The bibliography will have two parts:
1. The bibliography proper
This will comprise about fifteen entries, at least ten of which should be annotated. Here is some guidance on the process:
- When you search for sources, some projects will offer you a wealth of obvious possibilities.
Such projects will require you to develop criteria for selection right away. Others will have fewer
narrowly relevant sources; in those cases, look for related material by checking the sources of recent
critical writing or by thinking yourself about relatively theoretical elements of your project (nationalism,
authorship, orality, gender, etc.).
"Reading" sources for your bibliography may be different from reading them for your final paper.
This assignment does not ask you to read your sources the way you read class assignments. That would
require far more time than you have at your disposal. Instead, it requires you to write short, accurate
summaries of what each work does. Writers' introductions should give straightforward, useful information
about the content and approach of full-length books. Looking at the introduction, chapter structure, and
sampled sections of a book should give you a good idea of how it works. When looking at articles, be
sure to check the opening, closing, and transitions of each article, looking for the information that
the writer claims to add to existing criticism. When you find works that will be especially important
to your own writing, you will of course go back and read them more thoroughly, whether before or after
the bibliography is due.
- Look for a mix of books and recent articles. In general, emphasize more recent work,
but also look for older sources that get cited frequently.
- Do the entries themselves in MLA style. You should be able to copy and paste
them into your Works Cited list.
- Put the entries in order by date of first publication. A Works Cited list
will, of course, usually arrange entries by author's last name, but ordering the bibliography by
date can help you see chronological progression in your sources.
- When writing the annotations, think of your audience as
your classmates: readers who are interested in related topics and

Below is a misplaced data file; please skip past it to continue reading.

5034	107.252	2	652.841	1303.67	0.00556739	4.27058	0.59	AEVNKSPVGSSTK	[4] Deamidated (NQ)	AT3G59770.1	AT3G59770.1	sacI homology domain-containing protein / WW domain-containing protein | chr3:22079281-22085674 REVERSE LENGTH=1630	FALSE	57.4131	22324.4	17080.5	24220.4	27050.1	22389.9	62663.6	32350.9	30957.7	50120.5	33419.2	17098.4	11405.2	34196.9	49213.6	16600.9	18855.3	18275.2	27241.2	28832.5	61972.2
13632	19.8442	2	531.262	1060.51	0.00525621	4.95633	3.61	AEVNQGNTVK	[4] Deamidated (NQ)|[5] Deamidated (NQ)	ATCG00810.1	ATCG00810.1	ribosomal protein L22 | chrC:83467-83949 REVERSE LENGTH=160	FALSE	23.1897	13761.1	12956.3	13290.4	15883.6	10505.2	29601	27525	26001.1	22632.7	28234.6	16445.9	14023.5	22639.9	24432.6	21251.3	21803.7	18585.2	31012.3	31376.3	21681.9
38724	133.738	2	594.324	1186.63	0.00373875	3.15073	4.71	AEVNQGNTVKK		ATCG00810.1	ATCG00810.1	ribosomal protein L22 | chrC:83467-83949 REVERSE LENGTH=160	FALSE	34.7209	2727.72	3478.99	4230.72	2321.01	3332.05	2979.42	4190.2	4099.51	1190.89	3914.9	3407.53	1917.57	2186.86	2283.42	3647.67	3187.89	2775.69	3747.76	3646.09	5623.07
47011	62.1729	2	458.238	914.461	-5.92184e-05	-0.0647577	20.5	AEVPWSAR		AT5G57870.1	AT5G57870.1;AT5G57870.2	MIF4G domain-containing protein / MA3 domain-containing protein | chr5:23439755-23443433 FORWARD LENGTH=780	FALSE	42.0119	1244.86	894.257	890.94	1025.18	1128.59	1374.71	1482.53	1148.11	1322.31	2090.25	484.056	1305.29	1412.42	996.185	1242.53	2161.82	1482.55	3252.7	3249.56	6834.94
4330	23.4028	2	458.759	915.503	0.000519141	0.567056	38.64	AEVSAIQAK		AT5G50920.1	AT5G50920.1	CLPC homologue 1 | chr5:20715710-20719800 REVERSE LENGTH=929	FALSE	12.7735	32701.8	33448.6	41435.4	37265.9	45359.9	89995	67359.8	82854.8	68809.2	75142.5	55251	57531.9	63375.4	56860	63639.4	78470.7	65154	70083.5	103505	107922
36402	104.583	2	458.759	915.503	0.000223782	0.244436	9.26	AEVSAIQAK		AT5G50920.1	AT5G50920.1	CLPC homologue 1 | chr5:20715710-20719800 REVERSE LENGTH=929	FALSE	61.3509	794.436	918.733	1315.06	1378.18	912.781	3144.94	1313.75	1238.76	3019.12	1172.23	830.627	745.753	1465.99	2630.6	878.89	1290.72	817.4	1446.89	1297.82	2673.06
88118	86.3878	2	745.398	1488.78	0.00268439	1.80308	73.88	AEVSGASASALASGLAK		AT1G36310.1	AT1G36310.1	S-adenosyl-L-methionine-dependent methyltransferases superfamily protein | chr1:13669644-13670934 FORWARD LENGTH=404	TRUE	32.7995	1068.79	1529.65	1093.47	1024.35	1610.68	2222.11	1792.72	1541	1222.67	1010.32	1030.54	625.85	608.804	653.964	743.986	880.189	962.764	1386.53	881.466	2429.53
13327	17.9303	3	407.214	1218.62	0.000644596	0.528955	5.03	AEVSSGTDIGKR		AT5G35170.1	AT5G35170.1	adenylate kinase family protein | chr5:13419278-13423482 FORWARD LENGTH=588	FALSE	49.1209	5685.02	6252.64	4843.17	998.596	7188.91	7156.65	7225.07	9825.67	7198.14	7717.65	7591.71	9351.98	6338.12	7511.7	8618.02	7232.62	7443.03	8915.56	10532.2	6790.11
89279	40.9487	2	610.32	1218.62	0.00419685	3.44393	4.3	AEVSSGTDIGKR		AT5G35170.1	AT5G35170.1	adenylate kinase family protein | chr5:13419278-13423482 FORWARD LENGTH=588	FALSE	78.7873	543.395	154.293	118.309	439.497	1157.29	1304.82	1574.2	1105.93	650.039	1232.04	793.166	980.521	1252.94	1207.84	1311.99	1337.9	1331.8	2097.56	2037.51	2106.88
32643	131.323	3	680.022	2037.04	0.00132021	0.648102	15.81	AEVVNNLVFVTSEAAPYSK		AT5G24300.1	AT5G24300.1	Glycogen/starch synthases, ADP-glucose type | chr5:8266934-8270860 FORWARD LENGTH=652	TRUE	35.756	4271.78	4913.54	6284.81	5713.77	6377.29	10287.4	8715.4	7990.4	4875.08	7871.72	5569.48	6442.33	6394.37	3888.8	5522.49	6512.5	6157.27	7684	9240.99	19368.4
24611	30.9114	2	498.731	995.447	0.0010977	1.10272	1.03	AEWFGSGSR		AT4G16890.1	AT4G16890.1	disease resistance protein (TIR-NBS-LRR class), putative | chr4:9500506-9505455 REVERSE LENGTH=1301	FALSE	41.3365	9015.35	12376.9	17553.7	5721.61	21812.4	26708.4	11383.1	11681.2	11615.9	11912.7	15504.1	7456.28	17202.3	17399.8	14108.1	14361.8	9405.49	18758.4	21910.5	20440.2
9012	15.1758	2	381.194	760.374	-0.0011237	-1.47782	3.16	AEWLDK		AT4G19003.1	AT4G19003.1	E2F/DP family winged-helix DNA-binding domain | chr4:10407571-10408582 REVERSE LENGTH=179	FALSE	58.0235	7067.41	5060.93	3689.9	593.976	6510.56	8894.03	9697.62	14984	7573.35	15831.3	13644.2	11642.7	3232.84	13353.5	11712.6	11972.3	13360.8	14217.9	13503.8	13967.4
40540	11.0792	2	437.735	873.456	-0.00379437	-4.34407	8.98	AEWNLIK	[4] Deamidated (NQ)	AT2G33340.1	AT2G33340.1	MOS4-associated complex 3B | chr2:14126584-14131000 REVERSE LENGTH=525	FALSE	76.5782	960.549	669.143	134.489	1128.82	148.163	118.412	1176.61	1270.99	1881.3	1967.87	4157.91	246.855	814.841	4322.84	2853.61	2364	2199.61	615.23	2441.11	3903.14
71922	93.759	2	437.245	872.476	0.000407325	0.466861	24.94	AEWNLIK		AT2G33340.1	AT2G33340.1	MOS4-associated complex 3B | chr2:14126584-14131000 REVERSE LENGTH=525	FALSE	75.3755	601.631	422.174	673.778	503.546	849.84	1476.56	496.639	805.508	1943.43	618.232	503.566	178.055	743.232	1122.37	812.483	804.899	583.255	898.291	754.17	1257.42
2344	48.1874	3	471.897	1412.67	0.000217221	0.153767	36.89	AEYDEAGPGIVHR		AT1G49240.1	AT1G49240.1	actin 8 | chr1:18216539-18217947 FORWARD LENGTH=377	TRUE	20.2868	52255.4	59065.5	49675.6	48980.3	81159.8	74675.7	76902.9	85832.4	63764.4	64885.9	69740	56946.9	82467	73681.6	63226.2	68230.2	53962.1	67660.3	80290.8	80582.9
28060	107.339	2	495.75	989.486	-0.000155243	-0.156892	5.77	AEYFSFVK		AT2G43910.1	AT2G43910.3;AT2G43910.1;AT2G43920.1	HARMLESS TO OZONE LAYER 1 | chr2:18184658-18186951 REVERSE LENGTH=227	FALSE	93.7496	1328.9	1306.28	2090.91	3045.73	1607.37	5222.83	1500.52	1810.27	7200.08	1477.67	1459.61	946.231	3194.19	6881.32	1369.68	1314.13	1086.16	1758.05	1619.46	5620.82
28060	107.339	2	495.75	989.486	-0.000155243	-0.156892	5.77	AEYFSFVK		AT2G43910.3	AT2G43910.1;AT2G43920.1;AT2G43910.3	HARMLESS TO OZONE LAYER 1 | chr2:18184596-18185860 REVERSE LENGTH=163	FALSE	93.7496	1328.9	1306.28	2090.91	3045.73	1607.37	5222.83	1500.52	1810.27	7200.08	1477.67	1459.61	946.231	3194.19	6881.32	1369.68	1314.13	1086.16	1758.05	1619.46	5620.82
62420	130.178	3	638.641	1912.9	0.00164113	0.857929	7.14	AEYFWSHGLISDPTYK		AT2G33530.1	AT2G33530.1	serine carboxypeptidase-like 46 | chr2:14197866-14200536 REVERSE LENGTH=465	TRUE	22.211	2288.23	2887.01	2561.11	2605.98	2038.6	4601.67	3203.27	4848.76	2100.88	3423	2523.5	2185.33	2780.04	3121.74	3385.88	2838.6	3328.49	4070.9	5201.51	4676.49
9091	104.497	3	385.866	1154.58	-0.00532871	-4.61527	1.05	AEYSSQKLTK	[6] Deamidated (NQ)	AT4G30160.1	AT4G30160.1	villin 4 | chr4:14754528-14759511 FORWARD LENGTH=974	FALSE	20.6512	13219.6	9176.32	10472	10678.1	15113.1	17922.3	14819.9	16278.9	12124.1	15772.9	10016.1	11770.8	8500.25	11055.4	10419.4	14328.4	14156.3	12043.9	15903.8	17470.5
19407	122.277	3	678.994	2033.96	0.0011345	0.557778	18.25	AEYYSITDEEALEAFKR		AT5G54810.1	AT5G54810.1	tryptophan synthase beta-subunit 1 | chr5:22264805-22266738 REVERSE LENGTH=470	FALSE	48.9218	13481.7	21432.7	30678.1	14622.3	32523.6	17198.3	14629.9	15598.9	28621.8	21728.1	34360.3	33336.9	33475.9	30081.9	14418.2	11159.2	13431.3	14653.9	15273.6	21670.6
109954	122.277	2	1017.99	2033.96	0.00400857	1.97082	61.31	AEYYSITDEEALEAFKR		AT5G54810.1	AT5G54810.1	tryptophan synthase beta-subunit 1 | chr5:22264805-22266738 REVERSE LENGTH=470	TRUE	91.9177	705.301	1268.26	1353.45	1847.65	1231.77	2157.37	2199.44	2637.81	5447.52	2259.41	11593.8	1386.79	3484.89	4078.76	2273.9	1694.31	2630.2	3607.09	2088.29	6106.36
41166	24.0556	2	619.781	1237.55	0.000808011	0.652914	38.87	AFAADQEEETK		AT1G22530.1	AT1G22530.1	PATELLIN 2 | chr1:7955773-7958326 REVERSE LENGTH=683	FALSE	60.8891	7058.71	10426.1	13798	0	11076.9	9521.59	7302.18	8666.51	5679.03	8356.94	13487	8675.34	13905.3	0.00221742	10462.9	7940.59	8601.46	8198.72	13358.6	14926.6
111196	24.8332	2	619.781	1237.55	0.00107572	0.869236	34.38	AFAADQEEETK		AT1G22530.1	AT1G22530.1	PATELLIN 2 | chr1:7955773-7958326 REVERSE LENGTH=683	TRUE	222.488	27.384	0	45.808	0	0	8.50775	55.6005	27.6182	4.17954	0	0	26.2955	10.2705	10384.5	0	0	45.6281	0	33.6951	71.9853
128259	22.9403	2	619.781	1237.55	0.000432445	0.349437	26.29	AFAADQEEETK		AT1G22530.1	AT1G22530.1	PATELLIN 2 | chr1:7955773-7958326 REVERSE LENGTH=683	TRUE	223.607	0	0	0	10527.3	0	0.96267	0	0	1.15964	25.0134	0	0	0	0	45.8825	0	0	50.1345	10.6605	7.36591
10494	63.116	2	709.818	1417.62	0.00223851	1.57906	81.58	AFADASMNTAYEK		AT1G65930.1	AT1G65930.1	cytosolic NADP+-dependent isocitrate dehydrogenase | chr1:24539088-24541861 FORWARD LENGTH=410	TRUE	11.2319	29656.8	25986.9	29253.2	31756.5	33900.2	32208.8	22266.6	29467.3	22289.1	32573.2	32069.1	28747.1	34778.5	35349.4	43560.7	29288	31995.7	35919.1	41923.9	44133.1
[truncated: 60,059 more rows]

who might want to use your bibliography to find useful material
for their own writing. (This audience is literal: I will
compile and distribute a combined bibliography to the class.)
Write a number of pithy sentences on each of your annotated sources,
paying attention to how the source works on its own terms rather than
your plans for using it.
2. The cover essay
Write a 2-3 page cover essay that addresses at least two of the following areas,
according to your own sense of the approaches that will help you most as you think
through your paper:
- Keystones and best enemy--describe one or two works that seem to
be the most relevant sources for your essay, the ones against which you need
to define your project most carefully. Then describe the source that you
think does the best job of saying something with which you fundamentally
disagree: that's your best enemy.
- Chronology--describe the way critics' approaches to your
readings have changed over the years and how that progression might
influence your own approach.
- Elimination criteria--if you looked at sources and chose not
to include (or to annotate) them, explain your rationale, especially if your
reasons go beyond simple lack of relevance to your specific project.
- Models of approach or style--describe what you learned from
one or two sources about their approach to crafting critical arguments: how
a writer quotes others, makes a certain kind of point, uses strategic footnotes,
manufactures friendly disagreements, or does anything else that strikes you as
useful in ways that go beyond the "content" of that writer's text.
- Theoretical context--comment on writers who address general
issues that your project will engage without necessarily (but possibly)
touching on the specific text you want to analyze.